‘Media relations does take up a fair amount of agencies’ time, but that is the case with many organisations,’ confirms O’Kelly. ‘However, I certainly regard it as important to involve my agencies in strategy. Two heads are better than one, after all.’

And so to the question that is on everyone’s agenda: to blog or not to blog?

More than 40 per cent of the respondents who answered our question on interactive initiatives (and nearly half did not) said they had introduced a company blog in the past year. This, says Fraser, echoes the experiences of his agency’s staff.

‘The use of blogs, social networking sites and virals has zoomed up the corporate agenda during the last year.

‘This time last year 70 per cent of the people who took part in the research said that things such as blogging were “not a priority”. A year later, more than two thirds have a blog and 50 per cent have a podcast.’

It is still obviously a ‘new thing’ though. Fraser points out that nearly 60 per cent of this year’s respondents are either not satisfied with their interactive strategy – or do not have one.

‘Everyone is still learning in this field, but the people who are trying out these new techniques are learning very fast indeed,’ he says.

An appropriate channel
T-Mobile’s O’Kelly says his company does not have a corporate blog, and he does not see this changing any time soon.

A blog, he points out, is a ‘very specific way of communicating’ and people read it for information that they cannot get anywhere else.

‘Of course, we talk to bloggers as part of our communications strategy, but I’m not sure a blog is appropriate for us,’ he says.

Like many, O’Kelly says he has seen so many corporate blogs done badly because people have not put enough thought or effort into them.

Padley agrees that putting the required time and effort into new online communications is critical.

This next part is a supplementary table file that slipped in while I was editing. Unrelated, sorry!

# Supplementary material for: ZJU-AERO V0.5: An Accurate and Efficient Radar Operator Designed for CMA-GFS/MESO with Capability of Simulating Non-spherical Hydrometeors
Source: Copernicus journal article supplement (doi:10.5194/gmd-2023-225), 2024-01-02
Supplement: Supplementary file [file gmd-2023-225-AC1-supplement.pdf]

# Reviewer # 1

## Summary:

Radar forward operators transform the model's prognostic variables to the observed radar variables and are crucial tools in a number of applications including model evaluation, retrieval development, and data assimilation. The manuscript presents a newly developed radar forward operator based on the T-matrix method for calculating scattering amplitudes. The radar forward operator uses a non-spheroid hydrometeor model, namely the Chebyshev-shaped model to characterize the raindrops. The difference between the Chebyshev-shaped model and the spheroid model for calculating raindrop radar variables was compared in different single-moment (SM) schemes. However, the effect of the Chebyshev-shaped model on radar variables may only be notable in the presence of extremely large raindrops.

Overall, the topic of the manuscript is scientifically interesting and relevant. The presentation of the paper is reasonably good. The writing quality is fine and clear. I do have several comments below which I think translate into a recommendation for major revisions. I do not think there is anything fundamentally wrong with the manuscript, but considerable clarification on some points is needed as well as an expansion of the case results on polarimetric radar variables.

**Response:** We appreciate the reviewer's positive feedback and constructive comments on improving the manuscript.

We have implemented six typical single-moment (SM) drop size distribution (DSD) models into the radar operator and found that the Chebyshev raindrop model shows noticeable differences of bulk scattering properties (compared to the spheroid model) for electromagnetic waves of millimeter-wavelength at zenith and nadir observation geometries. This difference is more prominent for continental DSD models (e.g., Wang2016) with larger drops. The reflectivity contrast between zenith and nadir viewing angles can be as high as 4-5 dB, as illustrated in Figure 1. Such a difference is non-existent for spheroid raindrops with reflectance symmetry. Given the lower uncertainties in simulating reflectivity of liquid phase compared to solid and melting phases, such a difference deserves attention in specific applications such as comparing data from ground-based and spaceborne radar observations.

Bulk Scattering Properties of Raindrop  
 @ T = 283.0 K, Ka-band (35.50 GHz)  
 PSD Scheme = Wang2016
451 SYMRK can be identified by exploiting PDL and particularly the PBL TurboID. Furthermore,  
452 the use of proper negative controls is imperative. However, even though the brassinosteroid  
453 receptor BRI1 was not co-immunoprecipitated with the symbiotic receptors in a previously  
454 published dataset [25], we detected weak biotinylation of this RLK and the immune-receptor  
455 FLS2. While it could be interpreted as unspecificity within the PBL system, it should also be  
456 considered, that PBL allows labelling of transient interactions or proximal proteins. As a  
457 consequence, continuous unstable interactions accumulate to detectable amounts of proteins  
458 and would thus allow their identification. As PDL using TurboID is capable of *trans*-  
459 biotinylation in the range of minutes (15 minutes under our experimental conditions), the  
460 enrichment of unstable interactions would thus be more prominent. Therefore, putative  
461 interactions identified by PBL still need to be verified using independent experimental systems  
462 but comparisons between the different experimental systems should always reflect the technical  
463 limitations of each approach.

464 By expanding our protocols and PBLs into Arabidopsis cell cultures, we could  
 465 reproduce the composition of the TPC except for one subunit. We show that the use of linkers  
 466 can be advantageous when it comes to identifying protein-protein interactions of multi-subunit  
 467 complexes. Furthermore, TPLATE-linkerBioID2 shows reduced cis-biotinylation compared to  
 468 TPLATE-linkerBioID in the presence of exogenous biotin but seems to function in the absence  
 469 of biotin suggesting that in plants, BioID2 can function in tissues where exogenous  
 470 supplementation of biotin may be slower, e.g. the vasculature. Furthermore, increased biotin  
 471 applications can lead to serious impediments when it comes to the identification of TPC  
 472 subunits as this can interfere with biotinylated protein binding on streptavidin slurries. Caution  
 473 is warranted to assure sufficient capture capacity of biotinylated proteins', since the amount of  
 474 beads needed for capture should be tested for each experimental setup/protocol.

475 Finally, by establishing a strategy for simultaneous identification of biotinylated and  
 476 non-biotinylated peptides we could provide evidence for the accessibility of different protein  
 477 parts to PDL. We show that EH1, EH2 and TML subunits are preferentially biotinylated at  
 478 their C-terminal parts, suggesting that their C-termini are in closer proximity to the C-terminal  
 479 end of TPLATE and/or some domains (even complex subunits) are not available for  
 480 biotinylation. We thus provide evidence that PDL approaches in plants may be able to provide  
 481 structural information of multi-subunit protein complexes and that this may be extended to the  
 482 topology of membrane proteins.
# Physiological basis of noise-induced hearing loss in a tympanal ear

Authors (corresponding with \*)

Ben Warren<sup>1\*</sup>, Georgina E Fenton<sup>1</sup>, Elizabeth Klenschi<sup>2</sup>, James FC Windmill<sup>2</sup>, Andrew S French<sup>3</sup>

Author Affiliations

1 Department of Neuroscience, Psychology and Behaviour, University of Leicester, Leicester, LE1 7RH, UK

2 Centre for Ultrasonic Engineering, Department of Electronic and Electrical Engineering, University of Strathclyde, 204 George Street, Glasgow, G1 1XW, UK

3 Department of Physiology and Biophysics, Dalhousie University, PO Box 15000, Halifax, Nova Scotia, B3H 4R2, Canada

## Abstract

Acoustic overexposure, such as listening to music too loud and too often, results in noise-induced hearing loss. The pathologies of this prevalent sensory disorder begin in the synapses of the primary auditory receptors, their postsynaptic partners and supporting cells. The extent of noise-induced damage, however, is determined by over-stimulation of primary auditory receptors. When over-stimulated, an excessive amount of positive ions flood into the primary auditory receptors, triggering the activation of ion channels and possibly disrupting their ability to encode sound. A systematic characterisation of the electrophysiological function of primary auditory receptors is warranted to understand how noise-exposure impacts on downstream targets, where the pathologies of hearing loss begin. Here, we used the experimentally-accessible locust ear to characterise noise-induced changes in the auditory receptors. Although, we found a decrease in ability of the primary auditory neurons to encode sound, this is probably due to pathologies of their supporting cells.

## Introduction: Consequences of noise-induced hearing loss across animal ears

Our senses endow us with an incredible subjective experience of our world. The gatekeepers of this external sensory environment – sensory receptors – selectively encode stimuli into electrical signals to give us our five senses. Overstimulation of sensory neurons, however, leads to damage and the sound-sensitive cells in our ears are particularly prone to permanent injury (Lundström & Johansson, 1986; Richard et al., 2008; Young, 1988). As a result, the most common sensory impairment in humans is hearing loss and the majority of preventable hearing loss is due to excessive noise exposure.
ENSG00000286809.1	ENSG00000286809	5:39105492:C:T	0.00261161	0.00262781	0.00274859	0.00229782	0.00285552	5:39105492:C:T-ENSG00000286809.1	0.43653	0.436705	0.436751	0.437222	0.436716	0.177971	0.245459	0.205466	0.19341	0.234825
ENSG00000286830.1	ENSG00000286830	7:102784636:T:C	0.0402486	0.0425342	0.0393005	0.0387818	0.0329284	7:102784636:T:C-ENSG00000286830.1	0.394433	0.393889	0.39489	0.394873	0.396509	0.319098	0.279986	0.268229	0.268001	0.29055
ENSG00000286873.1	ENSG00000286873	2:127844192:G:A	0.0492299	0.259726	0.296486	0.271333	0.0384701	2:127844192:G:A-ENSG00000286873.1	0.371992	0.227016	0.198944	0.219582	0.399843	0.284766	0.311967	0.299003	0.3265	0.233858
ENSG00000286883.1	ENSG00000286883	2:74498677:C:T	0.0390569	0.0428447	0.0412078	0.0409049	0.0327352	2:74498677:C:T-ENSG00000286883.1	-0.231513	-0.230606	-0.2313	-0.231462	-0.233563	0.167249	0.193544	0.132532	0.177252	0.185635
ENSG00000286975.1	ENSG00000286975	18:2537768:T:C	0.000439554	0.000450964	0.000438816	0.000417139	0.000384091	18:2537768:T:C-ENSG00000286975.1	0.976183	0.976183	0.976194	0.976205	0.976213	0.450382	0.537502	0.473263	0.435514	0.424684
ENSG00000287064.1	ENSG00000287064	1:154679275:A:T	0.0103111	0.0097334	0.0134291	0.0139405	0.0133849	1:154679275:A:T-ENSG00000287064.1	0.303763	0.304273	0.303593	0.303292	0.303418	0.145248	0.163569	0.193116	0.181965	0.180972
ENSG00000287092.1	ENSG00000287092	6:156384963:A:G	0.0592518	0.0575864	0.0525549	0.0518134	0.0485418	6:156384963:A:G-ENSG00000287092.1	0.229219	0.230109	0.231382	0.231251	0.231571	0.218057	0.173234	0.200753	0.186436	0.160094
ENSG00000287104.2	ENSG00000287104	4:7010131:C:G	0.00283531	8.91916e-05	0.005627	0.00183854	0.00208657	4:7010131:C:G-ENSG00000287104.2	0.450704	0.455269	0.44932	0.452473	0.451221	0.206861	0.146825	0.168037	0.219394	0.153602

‘We don’t have a corporate blog,’ he says. ‘If you think it’s right for your company then you have to make sure it lives up to what it is supposed to be. For example, Charles Dunstone’s Carphone Warehouse blog has not been updated since April, which is hardly the point of blogging,’ he adds.

One thing about the research that surprised both Padley and O’Kelly was the environmental strategies of the organisations involved.

While 27 per cent of respondents said they had a clear ‘green’ strategy and that they were ‘well on their way’ towards achieving their ­objectives, another 25 per cent admitted they had no clear plan whatsoever.

‘Different companies have different needs, but that second figure is still surprising given the current focus on environmental issues,’ says O’Kelly.

Padley points out that this may be explained by the fact only three respondents said they used their PR agency for CSR work.

‘PR agencies are missing a trick when it comes to the environment and CSR in general,’ he explains.

‘You don’t have to be a specialist to offer CSR support. You need to have an insight into a company’s customer base and its business. Once you appreciate what is important to a company, a good agency should be able to advise on CSR.’

Thinking strategically
The PRWeek-Brands2Life research does show that, despite concerns over time and resources, business strategy is very much at the forefront of comms directors’ minds.

More than ever, senior in-house PROs are scrutinising the coverage their firms are getting in core media when it comes to demonstrating the value of PR to company bosses.

The prime evaluation used by our research’s respondents was ‘quality and quantity of articles in focus media’ (57 per cent), followed closely by ‘quantity of articles in focus media plus appearance of key messages’ (39 per cent).

The former agency staples of advertising equivalent value (AEV) and ­opportunities to see (OTS) barely registered 16 per cent between them.

‘Metrics such as OTS and AEV are good for demonstrating the commercial value of an individual campaign, but not so good for assessing an organisation’s reputation or positioning,’ explains TNS Media Intelligence’s evaluation director Philip Lynch (l).

In conclusion, while it is undoubtedly a good time to be a senior in-house PRO, there is still work to be done ­before the true potential of strategic corporate comms is fully realised.

‘Company boards recognise the contribution PR can make, but the required resourcing simply hasn’t caught up with demand,’ believes Fraser.

But we are dealing with comms directors here.

If anyone in a particular organisation can convince the CEO of their worth and that of their team, the smart money would be on the person who is already at the heart of the company’s communications.

Have you registered with us yet?

Register now to enjoy more articles and free email bulletins

Already registered?
Sign in